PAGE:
Discussion and research on "development" emerged in the middle of the 20th century. Since World War II the focus of international attention has been development in developing countries. And since the implementation of the "First UN Development Decade" by the UN General Assembly in the 1960s, development has become a prominent research topic. However, the concept has shifted from concentrating on GDP growth to more comprehensive social, environmental and economic conditions.
Beginning in the 1970s, with the expansion of the meaning of development, the focus shifted from developing countries to developed Western countries. Concepts such as quality of life and indexes of happiness or well-being began to be proposed. Researchers in psychology, economics, sociology and public policy studied the topic.
With this perspective, people realized that economic growth should not be the goal of life. It is merely a means of promoting human happiness. After distinguishing the ends from the means, academic circles began to conduct studies on the relationship between the sense of happiness in people and economic growth.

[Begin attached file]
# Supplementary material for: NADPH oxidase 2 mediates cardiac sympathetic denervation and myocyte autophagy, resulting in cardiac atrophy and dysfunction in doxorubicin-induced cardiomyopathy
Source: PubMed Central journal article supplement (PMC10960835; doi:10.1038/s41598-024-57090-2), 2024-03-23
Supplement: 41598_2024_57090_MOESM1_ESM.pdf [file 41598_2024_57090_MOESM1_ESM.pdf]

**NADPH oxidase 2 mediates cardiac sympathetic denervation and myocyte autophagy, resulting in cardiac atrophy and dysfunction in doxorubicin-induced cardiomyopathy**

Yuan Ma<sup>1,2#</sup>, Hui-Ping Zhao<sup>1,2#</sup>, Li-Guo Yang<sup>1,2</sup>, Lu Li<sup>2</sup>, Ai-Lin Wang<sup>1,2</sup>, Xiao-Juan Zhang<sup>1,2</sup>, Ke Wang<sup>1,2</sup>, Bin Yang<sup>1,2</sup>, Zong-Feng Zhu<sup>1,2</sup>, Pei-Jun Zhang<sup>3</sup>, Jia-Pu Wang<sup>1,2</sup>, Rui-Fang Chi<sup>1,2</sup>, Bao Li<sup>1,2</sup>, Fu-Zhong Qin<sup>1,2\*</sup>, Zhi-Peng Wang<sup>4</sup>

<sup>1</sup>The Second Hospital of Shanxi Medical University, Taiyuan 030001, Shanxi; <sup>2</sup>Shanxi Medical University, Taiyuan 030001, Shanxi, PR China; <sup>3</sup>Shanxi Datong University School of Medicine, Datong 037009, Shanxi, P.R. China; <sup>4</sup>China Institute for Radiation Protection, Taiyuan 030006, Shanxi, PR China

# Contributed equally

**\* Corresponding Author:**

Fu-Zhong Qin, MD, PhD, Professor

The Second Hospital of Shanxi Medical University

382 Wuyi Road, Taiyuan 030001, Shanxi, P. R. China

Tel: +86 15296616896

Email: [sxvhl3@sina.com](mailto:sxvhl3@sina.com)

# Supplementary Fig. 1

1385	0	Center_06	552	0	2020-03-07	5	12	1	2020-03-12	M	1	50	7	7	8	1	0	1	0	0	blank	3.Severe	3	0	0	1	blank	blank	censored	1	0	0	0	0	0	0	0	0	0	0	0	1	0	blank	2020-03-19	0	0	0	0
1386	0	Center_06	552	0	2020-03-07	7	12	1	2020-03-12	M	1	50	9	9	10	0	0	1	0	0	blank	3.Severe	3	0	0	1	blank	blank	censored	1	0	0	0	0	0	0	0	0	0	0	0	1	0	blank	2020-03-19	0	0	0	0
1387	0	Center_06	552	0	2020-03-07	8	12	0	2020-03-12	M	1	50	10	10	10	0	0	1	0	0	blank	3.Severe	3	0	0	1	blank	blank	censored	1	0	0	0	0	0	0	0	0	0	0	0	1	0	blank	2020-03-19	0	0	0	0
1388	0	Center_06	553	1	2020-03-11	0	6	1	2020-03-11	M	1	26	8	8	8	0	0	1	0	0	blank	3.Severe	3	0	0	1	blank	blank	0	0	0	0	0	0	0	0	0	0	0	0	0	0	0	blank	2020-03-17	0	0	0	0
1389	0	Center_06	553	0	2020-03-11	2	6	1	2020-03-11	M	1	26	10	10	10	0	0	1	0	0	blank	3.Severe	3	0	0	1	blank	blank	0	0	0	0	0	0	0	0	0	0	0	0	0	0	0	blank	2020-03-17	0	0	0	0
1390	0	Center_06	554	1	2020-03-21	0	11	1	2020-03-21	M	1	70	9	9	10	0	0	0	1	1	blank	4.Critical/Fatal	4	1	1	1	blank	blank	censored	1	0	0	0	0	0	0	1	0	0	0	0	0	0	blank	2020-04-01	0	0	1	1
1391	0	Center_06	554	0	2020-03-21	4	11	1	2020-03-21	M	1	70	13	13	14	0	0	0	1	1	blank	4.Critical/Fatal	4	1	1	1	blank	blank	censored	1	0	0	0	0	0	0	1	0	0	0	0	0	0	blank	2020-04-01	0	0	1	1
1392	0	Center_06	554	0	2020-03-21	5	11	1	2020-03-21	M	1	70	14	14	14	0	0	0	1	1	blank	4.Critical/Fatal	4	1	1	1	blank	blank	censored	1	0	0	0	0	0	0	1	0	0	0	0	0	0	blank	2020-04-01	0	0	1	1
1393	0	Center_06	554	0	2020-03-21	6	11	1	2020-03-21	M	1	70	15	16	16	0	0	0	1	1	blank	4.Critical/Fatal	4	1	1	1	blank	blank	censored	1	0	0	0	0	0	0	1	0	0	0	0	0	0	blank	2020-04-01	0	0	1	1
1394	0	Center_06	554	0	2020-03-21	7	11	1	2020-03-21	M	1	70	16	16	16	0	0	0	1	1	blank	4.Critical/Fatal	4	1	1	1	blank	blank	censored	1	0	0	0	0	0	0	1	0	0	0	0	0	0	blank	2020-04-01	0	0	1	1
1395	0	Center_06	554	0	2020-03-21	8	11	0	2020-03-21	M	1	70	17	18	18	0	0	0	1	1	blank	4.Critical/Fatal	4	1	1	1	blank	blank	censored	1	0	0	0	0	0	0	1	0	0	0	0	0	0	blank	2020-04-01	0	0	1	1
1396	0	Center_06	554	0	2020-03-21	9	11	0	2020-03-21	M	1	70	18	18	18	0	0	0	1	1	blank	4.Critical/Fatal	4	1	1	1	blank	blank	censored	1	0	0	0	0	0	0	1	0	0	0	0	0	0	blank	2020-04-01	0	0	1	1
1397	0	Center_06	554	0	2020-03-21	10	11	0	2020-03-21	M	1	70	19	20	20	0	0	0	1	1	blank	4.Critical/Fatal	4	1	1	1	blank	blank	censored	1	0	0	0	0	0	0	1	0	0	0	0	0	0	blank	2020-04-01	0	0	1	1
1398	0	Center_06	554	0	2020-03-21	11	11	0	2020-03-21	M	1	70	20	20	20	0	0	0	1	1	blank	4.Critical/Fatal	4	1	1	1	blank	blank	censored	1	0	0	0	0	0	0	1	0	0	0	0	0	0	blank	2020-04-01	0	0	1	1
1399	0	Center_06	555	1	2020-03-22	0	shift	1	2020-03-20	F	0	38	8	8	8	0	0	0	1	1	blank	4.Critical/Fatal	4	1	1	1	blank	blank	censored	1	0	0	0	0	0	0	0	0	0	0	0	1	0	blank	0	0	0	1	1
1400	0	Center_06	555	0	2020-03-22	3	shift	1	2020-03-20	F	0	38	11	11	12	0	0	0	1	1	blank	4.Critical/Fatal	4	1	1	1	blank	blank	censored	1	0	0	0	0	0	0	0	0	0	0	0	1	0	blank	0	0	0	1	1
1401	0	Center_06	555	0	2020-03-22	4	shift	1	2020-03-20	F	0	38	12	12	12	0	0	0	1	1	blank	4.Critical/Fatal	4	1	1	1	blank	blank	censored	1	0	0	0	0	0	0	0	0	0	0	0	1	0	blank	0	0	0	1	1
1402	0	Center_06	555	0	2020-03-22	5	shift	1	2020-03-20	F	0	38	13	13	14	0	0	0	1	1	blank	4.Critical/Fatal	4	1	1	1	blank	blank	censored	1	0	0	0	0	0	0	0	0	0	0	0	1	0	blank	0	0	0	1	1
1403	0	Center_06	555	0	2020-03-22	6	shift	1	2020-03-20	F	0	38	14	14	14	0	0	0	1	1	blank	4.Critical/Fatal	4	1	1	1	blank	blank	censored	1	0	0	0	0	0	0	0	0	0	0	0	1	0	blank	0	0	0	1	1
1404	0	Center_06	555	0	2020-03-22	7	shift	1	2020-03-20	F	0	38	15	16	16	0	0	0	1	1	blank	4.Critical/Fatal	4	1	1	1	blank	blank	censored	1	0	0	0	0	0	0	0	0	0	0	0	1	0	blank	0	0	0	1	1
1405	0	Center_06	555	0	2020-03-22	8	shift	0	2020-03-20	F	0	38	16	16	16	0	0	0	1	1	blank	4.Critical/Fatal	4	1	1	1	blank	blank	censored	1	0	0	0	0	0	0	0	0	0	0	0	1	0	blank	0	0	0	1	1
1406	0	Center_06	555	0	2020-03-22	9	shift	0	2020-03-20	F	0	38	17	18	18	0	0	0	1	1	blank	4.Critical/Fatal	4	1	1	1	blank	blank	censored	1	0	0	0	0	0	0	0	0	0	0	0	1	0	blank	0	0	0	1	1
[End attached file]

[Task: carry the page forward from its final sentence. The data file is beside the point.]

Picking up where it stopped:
Many studies have been conducted on the impact of economic growth on happiness. For example, a study by the University of Leicester ranked Bhutan as the planet's eighth-happiest place. Nevertheless, statistics generally show that the more developed a nation's economy is, the happier its people feel. This shows that a sense of happiness relies to a degree on economic development. But beyond that point, the marginal utility of material wealth will diminish.
Well-being index studies show that the meaning of happiness is not limited to the subjective sense of happiness. It also includes objective appraisals of living and development conditions. In other words, the concept of happiness has a material level of social welfare and economic conditions as its foundation, as well as the non-material level of things like culture, education, social networks and the living environment.
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